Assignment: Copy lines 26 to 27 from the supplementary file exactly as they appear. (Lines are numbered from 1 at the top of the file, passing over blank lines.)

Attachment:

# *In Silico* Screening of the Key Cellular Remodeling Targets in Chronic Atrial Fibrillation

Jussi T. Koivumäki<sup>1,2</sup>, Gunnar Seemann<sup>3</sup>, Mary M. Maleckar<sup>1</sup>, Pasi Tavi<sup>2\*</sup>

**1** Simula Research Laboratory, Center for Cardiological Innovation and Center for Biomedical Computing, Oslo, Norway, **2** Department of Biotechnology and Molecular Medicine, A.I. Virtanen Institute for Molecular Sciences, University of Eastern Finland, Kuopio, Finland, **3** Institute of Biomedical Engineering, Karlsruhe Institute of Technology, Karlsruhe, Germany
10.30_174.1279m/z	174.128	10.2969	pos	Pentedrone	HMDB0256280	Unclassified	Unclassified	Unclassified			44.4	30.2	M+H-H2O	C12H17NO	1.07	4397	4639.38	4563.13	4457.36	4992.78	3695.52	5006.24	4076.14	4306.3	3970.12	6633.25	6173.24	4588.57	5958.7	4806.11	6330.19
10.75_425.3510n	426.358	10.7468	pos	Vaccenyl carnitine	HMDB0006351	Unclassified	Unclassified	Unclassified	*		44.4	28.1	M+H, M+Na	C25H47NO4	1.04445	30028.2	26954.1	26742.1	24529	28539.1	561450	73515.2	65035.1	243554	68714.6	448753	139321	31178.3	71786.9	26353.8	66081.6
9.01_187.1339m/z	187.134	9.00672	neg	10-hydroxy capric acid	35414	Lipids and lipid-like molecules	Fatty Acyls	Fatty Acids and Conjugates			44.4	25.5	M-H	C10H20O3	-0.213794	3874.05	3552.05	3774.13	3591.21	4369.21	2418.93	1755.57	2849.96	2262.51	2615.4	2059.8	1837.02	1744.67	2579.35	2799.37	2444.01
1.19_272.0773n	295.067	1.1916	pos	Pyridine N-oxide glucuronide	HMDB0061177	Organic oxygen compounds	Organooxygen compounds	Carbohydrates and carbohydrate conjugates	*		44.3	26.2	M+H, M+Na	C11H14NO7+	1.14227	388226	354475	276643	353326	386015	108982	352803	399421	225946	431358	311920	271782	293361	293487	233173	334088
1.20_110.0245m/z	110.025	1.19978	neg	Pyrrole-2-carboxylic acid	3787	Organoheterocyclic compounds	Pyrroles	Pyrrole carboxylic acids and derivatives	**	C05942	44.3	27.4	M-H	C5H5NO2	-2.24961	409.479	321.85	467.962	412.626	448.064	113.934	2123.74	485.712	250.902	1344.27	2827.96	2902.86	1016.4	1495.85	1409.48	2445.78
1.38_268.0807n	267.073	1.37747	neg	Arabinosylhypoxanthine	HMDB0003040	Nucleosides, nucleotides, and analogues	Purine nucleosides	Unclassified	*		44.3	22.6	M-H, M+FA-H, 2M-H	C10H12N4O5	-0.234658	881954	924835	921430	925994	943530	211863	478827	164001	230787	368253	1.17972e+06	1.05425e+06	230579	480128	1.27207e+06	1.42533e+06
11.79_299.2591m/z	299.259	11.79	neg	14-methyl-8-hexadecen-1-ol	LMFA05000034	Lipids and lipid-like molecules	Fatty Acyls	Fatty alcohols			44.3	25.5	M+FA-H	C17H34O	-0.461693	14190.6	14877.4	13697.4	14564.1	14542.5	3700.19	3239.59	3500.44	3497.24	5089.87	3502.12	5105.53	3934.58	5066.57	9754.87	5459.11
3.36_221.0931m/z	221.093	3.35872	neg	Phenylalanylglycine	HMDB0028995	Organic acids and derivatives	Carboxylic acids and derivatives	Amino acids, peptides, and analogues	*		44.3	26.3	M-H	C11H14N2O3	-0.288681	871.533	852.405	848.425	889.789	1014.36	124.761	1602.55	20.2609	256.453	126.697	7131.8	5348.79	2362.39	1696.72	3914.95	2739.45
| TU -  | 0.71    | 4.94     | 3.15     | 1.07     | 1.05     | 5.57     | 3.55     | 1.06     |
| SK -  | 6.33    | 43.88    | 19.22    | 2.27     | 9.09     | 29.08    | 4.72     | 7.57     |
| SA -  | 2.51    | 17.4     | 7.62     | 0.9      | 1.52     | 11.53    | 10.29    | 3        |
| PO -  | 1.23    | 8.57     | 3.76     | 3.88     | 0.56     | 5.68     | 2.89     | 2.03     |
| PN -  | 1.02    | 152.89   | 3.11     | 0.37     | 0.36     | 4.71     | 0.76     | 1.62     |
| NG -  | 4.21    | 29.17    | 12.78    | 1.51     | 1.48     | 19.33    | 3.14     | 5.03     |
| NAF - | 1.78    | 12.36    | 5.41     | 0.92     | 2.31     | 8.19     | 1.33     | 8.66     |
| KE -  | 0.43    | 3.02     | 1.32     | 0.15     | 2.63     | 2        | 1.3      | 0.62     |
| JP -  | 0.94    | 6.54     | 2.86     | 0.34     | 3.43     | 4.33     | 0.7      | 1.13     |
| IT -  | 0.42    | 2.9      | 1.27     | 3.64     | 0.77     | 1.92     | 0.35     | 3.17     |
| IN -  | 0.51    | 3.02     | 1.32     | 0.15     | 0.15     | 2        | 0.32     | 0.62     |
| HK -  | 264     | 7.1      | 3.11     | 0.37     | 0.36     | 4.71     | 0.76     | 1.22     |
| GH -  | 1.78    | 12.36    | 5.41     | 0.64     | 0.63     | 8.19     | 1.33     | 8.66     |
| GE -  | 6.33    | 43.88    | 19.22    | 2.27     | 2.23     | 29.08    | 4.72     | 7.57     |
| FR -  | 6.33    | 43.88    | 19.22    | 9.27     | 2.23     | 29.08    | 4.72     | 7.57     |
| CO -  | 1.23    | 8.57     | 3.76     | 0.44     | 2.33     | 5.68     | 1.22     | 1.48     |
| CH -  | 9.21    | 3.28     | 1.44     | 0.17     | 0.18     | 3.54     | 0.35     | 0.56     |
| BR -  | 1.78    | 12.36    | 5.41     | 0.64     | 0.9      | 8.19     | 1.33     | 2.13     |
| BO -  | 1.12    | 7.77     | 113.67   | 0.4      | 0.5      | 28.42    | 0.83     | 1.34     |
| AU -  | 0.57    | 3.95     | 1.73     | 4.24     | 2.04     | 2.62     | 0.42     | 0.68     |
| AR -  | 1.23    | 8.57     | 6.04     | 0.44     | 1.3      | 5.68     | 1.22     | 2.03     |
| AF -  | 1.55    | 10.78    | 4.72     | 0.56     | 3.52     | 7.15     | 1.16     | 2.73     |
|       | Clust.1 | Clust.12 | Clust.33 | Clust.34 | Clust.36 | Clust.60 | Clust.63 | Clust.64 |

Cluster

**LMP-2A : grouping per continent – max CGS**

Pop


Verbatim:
| FR -  | 6.33    | 43.88    | 19.22    | 9.27     | 2.23     | 29.08    | 4.72     | 7.57     |
| CO -  | 1.23    | 8.57     | 3.76     | 0.44     | 2.33     | 5.68     | 1.22     | 1.48     |